UNDERGRADUATE STUDENTS choose one of the following:
1- See page X in the front of your book called “Term Project”—design a teaching activity on one of the grammar points covered in the course. The activity may extend beyond one hour of instruction and includes a lesson plan. You can collaborate with one or two other students if you would like. You may also involve the class in demonstrating your lesson plan/activity. The project should be written/typed and include a background explanation of the type of student, class, or language program it is designed for, as well as a description of the grammatical teaching approach you have chosen (see p. 32 of the textbook).
2- Similar to our course homework, choose four chapters we do not cover during the term, complete exercises, write your own creative examples with corresponding terminology explained, and point out helpful teaching suggestions.
3- Tutoring an ESL student, keeping a journal of your experiences, and writing up a final reflection paper
4- Another relevant project you might like to suggest which meets your own personal interests and needs.

GRADUATE STUDENTS will be participating with me in a teacher-research project about Arabic and English phonology as we co-teach a pronunciation class of five Saudi Arabian students at Weber State University enrolled in the LEAP Program (Learning English for Academic Purposes). The project will involve tutoring, a teaching journal, and a final pedagogical paper. The class will be taught during our regular Monday and Wednesday class time from 2:30-3:20 pm.
COURSE ASSESSMENT: Each of the following will count one-third of your total grade: 1- Attendance & Participation, 2- Homework, 3- Course Project.

LATE WORK: If you are late for any required assignment, make sure you get it to me by the next class day and there will be no penalty. Email or see me if you need to miss a class.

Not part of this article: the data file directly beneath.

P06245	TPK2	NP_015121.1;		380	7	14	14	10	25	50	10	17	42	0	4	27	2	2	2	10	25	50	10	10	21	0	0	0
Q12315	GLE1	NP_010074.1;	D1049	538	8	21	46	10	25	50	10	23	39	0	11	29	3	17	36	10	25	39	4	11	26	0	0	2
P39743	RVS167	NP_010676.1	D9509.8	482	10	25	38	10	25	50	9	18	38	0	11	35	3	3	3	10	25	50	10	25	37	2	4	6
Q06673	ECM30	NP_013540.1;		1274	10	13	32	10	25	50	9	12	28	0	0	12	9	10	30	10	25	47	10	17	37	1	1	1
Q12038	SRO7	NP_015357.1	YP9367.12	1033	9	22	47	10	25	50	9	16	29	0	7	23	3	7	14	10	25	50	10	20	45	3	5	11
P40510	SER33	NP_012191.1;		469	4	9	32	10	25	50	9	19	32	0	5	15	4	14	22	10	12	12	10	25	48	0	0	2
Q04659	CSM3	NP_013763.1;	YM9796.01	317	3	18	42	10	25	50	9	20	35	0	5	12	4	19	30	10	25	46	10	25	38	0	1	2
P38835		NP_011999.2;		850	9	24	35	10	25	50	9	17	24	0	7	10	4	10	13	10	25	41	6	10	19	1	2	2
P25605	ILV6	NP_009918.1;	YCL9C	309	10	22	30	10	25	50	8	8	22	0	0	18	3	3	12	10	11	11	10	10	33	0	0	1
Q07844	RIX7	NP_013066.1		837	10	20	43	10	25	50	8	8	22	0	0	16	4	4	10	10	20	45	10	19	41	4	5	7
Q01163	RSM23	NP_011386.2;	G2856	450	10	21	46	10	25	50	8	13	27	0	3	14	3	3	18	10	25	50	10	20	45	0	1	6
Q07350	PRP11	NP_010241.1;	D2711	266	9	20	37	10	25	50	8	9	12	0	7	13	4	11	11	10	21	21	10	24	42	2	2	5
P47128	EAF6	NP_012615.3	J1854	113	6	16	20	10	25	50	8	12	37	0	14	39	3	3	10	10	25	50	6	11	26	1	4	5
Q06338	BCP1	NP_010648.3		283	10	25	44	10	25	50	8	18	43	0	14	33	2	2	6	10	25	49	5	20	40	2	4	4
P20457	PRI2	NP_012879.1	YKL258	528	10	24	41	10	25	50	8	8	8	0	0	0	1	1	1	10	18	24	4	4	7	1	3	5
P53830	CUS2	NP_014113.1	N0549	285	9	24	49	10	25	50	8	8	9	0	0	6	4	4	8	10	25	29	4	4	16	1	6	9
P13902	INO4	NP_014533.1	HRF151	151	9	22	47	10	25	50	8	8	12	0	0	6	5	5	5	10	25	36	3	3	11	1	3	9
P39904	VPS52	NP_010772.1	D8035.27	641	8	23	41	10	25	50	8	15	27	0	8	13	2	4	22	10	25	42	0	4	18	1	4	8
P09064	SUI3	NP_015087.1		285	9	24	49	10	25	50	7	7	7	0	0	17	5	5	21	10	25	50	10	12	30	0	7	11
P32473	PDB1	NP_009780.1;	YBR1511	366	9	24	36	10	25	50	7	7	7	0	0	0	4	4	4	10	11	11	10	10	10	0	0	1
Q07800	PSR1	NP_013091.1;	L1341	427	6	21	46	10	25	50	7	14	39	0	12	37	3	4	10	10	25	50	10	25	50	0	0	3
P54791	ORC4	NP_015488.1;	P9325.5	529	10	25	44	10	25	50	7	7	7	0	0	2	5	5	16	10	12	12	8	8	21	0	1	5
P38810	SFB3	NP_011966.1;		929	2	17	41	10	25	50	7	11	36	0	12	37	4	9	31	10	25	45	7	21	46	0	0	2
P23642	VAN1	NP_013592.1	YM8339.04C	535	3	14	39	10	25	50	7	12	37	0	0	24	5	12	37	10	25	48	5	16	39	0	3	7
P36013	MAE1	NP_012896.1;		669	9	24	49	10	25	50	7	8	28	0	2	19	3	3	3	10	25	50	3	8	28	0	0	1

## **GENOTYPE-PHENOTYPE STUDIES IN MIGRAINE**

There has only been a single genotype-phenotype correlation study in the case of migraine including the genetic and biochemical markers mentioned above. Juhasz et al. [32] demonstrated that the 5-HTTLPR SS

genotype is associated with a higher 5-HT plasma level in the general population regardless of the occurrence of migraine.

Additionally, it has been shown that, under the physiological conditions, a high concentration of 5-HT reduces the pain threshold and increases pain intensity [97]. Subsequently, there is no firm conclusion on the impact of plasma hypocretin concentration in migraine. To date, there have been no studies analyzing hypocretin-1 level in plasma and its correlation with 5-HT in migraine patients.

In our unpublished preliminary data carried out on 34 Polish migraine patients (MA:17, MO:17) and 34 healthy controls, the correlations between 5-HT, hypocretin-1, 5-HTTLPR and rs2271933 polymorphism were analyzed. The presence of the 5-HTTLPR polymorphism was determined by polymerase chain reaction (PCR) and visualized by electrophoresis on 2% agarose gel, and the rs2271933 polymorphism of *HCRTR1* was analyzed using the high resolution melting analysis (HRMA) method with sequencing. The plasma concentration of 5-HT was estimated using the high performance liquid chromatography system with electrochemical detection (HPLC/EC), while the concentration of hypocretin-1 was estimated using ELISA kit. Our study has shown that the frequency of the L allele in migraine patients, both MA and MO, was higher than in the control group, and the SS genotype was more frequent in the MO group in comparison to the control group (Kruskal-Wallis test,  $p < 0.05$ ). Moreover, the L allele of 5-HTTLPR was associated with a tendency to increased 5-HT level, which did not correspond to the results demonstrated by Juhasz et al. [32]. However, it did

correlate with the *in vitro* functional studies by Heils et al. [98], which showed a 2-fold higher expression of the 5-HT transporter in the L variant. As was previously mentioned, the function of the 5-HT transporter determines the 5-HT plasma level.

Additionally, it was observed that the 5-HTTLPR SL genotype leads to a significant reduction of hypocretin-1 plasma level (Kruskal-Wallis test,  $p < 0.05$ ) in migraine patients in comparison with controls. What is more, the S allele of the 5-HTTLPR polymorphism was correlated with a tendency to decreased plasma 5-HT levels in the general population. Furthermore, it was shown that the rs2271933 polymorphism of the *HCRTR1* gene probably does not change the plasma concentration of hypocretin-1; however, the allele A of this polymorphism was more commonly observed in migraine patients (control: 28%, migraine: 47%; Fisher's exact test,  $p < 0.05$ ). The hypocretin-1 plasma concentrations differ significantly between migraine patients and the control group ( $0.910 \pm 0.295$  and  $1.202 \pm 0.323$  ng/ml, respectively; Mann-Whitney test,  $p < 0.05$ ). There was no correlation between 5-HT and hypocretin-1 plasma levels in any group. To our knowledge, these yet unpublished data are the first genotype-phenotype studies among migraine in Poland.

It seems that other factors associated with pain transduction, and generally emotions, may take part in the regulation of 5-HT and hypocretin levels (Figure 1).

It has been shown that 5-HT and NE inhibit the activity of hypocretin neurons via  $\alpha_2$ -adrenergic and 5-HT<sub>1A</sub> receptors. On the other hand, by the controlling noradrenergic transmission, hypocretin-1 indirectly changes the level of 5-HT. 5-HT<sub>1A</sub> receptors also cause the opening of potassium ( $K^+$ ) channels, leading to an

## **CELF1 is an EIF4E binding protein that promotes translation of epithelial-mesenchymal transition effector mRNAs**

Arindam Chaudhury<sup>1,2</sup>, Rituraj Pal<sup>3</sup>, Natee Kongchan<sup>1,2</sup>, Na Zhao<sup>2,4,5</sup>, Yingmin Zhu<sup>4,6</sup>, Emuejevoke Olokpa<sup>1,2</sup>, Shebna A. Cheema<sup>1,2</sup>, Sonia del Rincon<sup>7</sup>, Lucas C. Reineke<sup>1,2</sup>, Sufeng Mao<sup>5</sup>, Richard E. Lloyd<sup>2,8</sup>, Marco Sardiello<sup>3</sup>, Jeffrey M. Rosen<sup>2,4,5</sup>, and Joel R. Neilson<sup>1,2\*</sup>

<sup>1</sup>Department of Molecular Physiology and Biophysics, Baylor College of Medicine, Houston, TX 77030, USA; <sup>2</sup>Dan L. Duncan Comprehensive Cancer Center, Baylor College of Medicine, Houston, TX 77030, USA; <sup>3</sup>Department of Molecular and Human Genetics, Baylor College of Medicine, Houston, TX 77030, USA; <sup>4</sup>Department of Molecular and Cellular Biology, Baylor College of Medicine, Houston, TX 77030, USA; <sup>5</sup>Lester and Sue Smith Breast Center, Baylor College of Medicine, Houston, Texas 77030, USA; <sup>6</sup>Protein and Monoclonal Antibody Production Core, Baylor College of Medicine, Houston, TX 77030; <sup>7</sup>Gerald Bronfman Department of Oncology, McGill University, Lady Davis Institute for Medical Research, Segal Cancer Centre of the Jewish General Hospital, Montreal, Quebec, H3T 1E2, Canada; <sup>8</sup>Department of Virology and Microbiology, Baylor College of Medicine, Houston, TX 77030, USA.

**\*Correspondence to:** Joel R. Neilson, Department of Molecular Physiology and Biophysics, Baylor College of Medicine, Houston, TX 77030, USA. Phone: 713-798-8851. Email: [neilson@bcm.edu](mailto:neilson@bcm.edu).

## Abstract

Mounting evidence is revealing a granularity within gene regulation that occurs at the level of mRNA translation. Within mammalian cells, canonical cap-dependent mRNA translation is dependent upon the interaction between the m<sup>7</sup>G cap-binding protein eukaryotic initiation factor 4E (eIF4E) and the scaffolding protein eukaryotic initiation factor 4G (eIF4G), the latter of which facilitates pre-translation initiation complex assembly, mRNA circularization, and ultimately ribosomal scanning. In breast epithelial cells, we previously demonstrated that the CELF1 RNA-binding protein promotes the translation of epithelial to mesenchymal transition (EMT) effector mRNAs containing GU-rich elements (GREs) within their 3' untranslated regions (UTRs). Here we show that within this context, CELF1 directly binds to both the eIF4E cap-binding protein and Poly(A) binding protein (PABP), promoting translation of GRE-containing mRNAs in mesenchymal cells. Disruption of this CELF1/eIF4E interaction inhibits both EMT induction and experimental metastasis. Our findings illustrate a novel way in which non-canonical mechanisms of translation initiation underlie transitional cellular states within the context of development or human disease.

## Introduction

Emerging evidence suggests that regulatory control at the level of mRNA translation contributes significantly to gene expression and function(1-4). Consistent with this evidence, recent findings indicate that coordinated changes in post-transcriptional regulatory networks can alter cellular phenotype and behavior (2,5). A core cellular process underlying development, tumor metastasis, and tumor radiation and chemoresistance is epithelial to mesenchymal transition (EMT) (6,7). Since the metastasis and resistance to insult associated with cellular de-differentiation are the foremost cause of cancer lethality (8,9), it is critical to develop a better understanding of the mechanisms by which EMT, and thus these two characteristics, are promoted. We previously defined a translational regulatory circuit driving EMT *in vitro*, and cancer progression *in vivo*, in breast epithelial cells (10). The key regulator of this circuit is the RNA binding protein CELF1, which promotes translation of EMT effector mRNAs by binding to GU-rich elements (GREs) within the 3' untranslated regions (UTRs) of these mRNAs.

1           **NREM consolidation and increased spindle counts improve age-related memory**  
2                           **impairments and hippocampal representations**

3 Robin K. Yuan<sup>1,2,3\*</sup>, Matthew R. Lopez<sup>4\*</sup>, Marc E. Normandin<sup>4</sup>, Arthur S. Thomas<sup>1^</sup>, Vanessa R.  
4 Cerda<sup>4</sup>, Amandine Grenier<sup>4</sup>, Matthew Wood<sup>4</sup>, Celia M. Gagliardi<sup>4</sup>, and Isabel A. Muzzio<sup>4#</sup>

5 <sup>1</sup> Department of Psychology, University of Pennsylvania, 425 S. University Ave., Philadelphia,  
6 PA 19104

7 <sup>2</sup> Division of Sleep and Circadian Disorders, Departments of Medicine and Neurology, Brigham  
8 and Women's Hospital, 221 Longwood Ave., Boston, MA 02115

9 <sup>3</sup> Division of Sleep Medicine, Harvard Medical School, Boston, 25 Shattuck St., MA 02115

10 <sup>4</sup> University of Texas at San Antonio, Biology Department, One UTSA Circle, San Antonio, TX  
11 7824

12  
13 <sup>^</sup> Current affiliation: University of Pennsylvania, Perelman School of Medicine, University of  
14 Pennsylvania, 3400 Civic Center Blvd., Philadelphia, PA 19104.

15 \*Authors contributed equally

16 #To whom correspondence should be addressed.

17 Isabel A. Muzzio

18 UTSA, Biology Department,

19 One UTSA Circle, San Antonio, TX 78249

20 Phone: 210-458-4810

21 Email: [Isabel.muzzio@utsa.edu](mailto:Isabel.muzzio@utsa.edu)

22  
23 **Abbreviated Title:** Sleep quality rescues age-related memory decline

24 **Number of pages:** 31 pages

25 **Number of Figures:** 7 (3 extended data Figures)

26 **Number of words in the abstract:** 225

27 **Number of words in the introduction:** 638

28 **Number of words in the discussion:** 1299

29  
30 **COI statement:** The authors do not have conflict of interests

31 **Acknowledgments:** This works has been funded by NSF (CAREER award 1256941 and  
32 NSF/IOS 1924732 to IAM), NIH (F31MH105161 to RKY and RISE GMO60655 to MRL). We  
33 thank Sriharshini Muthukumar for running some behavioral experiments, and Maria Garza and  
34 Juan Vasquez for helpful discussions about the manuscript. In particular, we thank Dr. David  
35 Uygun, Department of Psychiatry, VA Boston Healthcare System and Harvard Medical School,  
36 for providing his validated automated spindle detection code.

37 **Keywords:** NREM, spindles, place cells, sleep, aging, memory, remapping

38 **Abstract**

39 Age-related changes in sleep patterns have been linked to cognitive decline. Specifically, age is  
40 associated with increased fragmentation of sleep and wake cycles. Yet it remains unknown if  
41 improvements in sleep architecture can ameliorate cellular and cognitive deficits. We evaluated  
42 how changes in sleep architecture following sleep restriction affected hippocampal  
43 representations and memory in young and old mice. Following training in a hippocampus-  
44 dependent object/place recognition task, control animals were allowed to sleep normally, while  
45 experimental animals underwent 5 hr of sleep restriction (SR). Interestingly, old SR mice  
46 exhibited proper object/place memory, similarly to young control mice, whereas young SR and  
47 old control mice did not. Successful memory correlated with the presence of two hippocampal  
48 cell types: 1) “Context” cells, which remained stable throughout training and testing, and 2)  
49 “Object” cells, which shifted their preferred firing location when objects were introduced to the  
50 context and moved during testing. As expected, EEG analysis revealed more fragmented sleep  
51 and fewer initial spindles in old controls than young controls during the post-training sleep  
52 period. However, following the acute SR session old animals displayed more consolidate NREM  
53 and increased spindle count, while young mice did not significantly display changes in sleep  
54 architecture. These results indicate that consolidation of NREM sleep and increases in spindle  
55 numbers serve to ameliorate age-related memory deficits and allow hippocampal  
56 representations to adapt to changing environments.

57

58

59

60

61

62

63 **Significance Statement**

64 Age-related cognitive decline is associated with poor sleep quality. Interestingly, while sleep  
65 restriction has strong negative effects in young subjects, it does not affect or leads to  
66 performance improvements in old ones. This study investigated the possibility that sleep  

Academic Dishonesty: As specified in PPM 6-22 IV D, cheating and plagiarism violate the Student Code. Plagiarism is “the unacknowledged (uncited) use of any other person’s or group’s ideas or work.” Students found guilty of cheating or plagiarism are subject to failure of a specific assignment, or, in more serious cases, failure of the entire course.
Core Beliefs: According to PPM 6-22 IV, students are to “[d]etermine, before the last day to drop courses without penalty, when course requirements conflict with a student's core beliefs. If there is such a conflict, the student should consider dropping the class. A student who finds this solution impracticable may request a resolution from the instructor. This policy does not oblige the instructor to grant the request, except in those cases when a denial would be arbitrary and capricious or illegal. This request must be made to the instructor in writing and the student must deliver a copy of the request to the office of the department head. The student's request must articulate the burden the requirement would place on the student's beliefs.”
Disability Accommodation: PPM 3-34 notes: “When students seek accommodation in a regularly scheduled course, they have the responsibility to make such requests at the Center for Students with Disabilities before the beginning of the quarter [semester] in which the accommodation is being requested. When a student fails to make such arrangements, interim accommodations can be made by the instructor, pending the determination of the request for a permanent accommodation.”

Emergency Closure: If for any reason the university is forced to close for an extended period of time, we will conduct our class . . . . [via e-mail, WebCT, Blackboard, etc.]. Look for announcements on. . . . [Weber e-mail, our listserv, etc.].